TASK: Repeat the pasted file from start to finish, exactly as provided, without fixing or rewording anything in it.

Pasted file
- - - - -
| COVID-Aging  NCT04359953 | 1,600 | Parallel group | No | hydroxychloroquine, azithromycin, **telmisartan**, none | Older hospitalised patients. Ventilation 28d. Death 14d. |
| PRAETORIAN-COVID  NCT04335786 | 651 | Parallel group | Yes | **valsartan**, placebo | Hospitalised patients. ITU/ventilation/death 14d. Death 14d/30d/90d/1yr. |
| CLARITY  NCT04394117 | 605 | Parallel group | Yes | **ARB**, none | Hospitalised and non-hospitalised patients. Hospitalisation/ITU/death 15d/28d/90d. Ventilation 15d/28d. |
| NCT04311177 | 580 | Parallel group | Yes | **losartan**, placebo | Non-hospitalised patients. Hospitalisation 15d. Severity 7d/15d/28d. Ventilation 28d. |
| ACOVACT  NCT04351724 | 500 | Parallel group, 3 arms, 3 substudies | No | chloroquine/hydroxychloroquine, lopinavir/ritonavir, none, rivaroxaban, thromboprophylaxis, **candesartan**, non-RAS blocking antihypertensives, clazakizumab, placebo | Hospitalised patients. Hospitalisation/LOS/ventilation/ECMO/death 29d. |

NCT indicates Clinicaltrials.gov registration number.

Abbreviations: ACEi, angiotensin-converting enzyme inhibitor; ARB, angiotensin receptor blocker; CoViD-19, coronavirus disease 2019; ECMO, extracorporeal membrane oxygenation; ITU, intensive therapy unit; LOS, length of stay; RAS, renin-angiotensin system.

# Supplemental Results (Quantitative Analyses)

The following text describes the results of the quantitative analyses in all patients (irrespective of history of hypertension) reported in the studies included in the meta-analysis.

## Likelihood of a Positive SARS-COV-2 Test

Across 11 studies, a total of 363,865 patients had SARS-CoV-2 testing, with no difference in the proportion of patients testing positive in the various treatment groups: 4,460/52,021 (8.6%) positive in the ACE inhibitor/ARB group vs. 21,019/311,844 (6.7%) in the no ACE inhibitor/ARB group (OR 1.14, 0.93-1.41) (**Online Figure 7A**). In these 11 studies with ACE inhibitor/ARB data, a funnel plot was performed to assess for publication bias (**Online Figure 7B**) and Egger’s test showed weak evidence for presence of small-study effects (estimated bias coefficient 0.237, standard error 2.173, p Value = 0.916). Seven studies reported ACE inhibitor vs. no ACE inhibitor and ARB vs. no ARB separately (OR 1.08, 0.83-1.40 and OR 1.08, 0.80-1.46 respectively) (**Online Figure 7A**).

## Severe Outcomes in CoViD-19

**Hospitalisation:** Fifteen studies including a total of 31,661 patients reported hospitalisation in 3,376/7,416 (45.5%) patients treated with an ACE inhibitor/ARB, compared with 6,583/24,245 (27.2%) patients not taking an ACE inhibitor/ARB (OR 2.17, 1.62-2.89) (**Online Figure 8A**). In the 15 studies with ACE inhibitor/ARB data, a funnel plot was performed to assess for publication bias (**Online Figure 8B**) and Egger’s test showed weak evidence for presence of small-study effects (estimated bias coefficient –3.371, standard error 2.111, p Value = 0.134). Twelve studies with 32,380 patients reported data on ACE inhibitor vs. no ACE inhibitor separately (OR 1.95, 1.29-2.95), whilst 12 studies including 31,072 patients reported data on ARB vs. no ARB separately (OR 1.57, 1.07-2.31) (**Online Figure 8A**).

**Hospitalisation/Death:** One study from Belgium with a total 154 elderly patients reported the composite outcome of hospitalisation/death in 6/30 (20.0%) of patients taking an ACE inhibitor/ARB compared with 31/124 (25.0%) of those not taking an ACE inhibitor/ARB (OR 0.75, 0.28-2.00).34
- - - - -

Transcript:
| COVID-Aging  NCT04359953 | 1,600 | Parallel group | No | hydroxychloroquine, azithromycin, **telmisartan**, none | Older hospitalised patients. Ventilation 28d. Death 14d. |
| PRAETORIAN-COVID  NCT04335786 | 651 | Parallel group | Yes | **valsartan**, placebo | Hospitalised patients. ITU/ventilation/death 14d. Death 14d/30d/90d/1yr. |
| CLARITY  NCT04394117 | 605 | Parallel group | Yes | **ARB**, none | Hospitalised and non-hospitalised patients. Hospitalisation/ITU/death 15d/28d/90d. Ventilation 15d/28d. |
| NCT04311177 | 580 | Parallel group | Yes | **losartan**, placebo | Non-hospitalised patients. Hospitalisation 15d. Severity 7d/15d/28d. Ventilation 28d. |
| ACOVACT  NCT04351724 | 500 | Parallel group, 3 arms, 3 substudies | No | chloroquine/hydroxychloroquine, lopinavir/ritonavir, none, rivaroxaban, thromboprophylaxis, **candesartan**, non-RAS blocking antihypertensives, clazakizumab, placebo | Hospitalised patients. Hospitalisation/LOS/ventilation/ECMO/death 29d. |

NCT indicates Clinicaltrials.gov registration number.

Abbreviations: ACEi, angiotensin-converting enzyme inhibitor; ARB, angiotensin receptor blocker; CoViD-19, coronavirus disease 2019; ECMO, extracorporeal membrane oxygenation; ITU, intensive therapy unit; LOS, length of stay; RAS, renin-angiotensin system.

# Supplemental Results (Quantitative Analyses)

The following text describes the results of the quantitative analyses in all patients (irrespective of history of hypertension) reported in the studies included in the meta-analysis.

## Likelihood of a Positive SARS-COV-2 Test

Across 11 studies, a total of 363,865 patients had SARS-CoV-2 testing, with no difference in the proportion of patients testing positive in the various treatment groups: 4,460/52,021 (8.6%) positive in the ACE inhibitor/ARB group vs. 21,019/311,844 (6.7%) in the no ACE inhibitor/ARB group (OR 1.14, 0.93-1.41) (**Online Figure 7A**). In these 11 studies with ACE inhibitor/ARB data, a funnel plot was performed to assess for publication bias (**Online Figure 7B**) and Egger’s test showed weak evidence for presence of small-study effects (estimated bias coefficient 0.237, standard error 2.173, p Value = 0.916). Seven studies reported ACE inhibitor vs. no ACE inhibitor and ARB vs. no ARB separately (OR 1.08, 0.83-1.40 and OR 1.08, 0.80-1.46 respectively) (**Online Figure 7A**).

## Severe Outcomes in CoViD-19

**Hospitalisation:** Fifteen studies including a total of 31,661 patients reported hospitalisation in 3,376/7,416 (45.5%) patients treated with an ACE inhibitor/ARB, compared with 6,583/24,245 (27.2%) patients not taking an ACE inhibitor/ARB (OR 2.17, 1.62-2.89) (**Online Figure 8A**). In the 15 studies with ACE inhibitor/ARB data, a funnel plot was performed to assess for publication bias (**Online Figure 8B**) and Egger’s test showed weak evidence for presence of small-study effects (estimated bias coefficient –3.371, standard error 2.111, p Value = 0.134). Twelve studies with 32,380 patients reported data on ACE inhibitor vs. no ACE inhibitor separately (OR 1.95, 1.29-2.95), whilst 12 studies including 31,072 patients reported data on ARB vs. no ARB separately (OR 1.57, 1.07-2.31) (**Online Figure 8A**).

**Hospitalisation/Death:** One study from Belgium with a total 154 elderly patients reported the composite outcome of hospitalisation/death in 6/30 (20.0%) of patients taking an ACE inhibitor/ARB compared with 31/124 (25.0%) of those not taking an ACE inhibitor/ARB (OR 0.75, 0.28-2.00).34